The benefits of having a credit card go well beyond convenience. Using plastic instead of cash affords a number of perks — some big and some small — that can save you a lot of money.
Different credit cards offer different perks, so check the fine print for your card carefully to see what you’re eligible for. Read on to see what credit card perks are out there.
This is the most obvious and tangible perk of credit card ownership. For most cards, every dollar you spend earns you a point (or multiple points) that can be used for gift cards, flights, erasing the cost of a purchase and similar savings.
Every card has its own rewards, and some are much better than others. Surprisingly, many people don’t even redeem their points. Cardhub found that $4 billion in credit card reward points go unredeemed annually. Considering the total credit card debt is more than $40 billion nationally, that’s a significant number that goes unused.
One of the lesser-known benefits of having a credit card is especially useful for travelers. Some — but not all — credit cards offer decent travel insurance and never really bother informing their customers. If you used a credit card to pay for a flight, for example, you might be covered if you had to make a last-minute cancellation or your luggage was lost.
Rental cars are also covered. All four major credit card companies (Visa, Discover, American Express and Mastercard) offer varying forms of coverage if you rent a car using one of their credit cards. The benefits vary, and not every single card offers insurance, but you could have decent coverage in case of an accident.
Free Admission (Sometimes)
If you’re up for some entertainment, then see if your credit card offers any special discounts or free admission to nearby sights.
Bank of America has a useful “Museums on Us” program where dozens of museums are free on the first weekend of every month. Similarly, Discover cardholders can get five percent cash back at Six Flags amusement parks throughout the U.S. Those are just a couple of examples, as each company is competing to offer better perks.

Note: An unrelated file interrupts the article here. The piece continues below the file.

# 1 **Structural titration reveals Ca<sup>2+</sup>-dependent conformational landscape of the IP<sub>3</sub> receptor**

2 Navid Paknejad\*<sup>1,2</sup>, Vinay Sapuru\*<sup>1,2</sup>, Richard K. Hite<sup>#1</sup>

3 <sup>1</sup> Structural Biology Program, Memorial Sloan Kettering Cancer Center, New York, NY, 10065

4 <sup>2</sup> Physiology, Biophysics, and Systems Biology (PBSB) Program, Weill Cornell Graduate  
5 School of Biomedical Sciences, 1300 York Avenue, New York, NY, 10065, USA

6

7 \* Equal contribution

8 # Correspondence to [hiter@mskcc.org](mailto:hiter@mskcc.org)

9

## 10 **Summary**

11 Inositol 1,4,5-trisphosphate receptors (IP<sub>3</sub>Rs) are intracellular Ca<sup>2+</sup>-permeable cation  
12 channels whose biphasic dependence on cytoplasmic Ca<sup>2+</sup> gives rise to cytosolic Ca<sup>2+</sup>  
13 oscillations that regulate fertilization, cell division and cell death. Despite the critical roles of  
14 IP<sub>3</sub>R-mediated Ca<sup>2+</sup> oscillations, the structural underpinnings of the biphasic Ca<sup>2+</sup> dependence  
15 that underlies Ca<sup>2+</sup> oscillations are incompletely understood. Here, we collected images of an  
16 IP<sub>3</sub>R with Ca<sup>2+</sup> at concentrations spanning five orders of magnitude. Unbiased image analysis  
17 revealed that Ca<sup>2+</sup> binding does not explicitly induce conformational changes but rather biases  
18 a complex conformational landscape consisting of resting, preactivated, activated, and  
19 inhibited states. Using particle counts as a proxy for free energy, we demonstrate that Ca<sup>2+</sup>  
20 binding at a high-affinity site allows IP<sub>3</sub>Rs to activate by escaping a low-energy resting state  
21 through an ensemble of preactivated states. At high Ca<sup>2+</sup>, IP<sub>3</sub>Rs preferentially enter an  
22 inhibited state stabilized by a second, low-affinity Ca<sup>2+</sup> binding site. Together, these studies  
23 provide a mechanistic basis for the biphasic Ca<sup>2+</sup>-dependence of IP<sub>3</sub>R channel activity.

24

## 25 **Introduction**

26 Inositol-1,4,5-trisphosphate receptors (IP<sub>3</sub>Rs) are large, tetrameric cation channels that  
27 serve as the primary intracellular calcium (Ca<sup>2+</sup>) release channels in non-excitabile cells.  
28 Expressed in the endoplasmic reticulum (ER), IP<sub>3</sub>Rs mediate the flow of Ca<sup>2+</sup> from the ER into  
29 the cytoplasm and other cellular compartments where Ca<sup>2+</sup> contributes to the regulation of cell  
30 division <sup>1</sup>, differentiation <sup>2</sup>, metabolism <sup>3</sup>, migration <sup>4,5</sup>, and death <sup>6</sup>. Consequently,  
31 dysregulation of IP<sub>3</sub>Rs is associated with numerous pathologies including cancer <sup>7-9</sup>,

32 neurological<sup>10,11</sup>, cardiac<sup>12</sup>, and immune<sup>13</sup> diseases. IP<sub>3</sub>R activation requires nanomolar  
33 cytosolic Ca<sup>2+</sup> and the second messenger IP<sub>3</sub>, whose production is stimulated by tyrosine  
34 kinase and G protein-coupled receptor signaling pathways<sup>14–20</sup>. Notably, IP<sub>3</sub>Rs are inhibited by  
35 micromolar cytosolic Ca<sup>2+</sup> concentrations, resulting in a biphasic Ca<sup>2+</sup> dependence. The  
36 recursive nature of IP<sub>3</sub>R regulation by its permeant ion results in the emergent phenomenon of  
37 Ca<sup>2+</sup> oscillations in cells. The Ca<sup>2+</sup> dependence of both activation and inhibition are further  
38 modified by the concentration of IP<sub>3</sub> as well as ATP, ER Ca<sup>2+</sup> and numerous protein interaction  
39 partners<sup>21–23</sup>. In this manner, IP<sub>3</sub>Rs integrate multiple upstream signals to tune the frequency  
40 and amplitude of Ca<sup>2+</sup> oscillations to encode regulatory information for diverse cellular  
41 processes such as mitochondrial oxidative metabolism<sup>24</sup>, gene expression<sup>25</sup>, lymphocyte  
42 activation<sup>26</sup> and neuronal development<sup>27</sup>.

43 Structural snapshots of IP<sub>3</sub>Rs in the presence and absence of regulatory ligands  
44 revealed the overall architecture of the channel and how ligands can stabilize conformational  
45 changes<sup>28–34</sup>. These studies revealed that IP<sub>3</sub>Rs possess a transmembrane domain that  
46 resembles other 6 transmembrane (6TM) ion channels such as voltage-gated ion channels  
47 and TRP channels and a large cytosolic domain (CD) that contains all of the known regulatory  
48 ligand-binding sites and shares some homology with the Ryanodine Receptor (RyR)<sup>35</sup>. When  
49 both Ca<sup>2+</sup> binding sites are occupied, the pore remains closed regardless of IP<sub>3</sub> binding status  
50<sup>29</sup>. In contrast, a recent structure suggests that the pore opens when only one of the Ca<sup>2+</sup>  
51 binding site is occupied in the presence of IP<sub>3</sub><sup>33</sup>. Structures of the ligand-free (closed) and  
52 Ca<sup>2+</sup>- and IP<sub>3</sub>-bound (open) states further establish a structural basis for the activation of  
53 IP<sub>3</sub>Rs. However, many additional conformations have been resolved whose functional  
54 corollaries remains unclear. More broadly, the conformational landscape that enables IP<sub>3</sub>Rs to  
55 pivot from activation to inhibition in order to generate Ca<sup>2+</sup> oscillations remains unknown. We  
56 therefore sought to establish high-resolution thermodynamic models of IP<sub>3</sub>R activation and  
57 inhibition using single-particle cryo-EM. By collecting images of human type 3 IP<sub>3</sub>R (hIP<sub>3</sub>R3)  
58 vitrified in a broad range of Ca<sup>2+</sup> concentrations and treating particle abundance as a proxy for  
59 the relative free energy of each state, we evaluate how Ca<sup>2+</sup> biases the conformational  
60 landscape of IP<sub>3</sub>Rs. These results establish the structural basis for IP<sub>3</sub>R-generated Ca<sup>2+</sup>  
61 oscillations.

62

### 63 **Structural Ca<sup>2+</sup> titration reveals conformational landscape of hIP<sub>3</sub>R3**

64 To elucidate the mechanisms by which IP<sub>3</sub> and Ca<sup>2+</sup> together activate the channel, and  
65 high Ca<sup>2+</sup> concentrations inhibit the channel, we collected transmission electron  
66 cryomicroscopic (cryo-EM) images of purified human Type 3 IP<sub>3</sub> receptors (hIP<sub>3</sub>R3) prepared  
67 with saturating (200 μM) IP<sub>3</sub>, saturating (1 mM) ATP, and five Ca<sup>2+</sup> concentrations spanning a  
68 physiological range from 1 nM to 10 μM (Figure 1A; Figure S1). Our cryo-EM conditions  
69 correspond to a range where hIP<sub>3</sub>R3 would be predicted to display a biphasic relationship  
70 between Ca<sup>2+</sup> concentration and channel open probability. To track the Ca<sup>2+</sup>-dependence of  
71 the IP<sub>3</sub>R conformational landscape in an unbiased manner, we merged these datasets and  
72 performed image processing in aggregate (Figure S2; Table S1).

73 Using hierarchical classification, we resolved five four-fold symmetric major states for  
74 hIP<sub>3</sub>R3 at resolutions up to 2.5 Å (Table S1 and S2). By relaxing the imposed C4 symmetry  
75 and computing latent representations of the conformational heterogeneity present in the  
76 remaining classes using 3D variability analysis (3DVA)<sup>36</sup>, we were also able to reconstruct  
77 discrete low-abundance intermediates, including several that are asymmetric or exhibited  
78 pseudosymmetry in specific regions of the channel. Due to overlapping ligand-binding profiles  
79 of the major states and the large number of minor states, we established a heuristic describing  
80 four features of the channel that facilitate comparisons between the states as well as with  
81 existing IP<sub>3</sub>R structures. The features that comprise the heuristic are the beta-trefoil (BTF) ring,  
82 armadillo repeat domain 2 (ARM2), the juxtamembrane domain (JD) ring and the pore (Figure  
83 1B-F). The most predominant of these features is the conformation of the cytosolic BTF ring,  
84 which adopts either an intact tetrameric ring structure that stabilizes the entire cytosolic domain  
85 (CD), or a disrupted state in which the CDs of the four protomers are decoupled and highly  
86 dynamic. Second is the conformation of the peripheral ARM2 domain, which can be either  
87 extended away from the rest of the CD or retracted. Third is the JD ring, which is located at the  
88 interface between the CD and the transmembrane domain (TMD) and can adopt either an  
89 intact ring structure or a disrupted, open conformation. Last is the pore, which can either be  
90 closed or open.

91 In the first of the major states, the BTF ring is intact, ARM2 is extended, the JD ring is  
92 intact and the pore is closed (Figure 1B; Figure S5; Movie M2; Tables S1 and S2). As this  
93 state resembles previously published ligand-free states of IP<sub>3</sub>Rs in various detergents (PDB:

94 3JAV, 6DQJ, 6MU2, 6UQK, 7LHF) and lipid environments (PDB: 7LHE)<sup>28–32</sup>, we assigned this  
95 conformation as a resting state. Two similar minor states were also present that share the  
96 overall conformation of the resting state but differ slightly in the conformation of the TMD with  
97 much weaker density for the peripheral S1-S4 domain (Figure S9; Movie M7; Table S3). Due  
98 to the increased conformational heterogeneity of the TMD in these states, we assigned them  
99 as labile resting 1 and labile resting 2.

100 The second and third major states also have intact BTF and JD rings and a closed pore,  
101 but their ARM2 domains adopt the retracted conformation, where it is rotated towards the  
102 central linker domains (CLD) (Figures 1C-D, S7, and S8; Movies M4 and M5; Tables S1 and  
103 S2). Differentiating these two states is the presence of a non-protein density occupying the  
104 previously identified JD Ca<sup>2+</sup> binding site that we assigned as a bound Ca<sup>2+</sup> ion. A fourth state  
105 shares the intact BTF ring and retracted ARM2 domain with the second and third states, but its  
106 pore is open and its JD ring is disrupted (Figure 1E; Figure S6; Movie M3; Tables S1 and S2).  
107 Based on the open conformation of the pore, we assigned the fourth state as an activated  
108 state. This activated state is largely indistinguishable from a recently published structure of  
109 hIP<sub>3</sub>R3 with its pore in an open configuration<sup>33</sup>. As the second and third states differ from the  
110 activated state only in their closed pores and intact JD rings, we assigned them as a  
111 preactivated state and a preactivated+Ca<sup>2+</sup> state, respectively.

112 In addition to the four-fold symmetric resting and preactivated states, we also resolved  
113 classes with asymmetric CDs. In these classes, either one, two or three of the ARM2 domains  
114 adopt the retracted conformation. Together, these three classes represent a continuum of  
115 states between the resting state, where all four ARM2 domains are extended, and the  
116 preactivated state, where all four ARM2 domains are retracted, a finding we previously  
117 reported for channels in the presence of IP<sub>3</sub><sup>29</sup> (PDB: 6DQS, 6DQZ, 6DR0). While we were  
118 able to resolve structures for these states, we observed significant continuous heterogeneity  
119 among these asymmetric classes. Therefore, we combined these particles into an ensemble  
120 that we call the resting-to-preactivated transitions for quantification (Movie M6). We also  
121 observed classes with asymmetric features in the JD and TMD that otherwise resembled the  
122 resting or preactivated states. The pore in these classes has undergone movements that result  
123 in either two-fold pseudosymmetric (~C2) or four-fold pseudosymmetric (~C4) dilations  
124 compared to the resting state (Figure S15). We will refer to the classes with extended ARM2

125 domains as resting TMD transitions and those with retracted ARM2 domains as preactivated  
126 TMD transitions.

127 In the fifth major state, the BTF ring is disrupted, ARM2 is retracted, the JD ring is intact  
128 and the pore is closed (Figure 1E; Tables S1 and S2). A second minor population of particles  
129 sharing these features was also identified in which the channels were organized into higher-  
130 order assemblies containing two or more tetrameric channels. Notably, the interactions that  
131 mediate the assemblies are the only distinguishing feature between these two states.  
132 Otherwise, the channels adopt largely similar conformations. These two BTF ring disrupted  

You might have just bought an expensive gadget or jacket, but the store’s strict return policy means you’re stuck with something you don’t really want anymore. With a credit card, you might be able to get a refund even if you’re past the store’s return date cutoff.
There are a number of stipulations and limitations on this policy, but it does work under the right circumstances and can save you a lot of money.
Another benefit for shoppers is the price protection offered by some cards. If you just made a purchase only to see the item drop in price soon afterward, you can do more than curse your bad timing. Some credit cards will refund you the difference.
Filing a claim isn’t the easiest process, but the benefits could outweigh the time it takes if you bought a big item. Discover, for instance, can refund up to $500 back. Citi customers can get $250 back per purchase and $1,000 total a year.
Credit cards are incredibly useful, but they can be a bad thing if used irresponsibly. The average credit card debt per U.S. household is more than $15,000. That kind of debt is difficult to pay off due to high interest rates.
If you only have a couple credit cards and spend within your means, then credit cards are a great tool. If you can’t resist the temptation to spend too much money, however, then maybe credit cards aren’t right for you.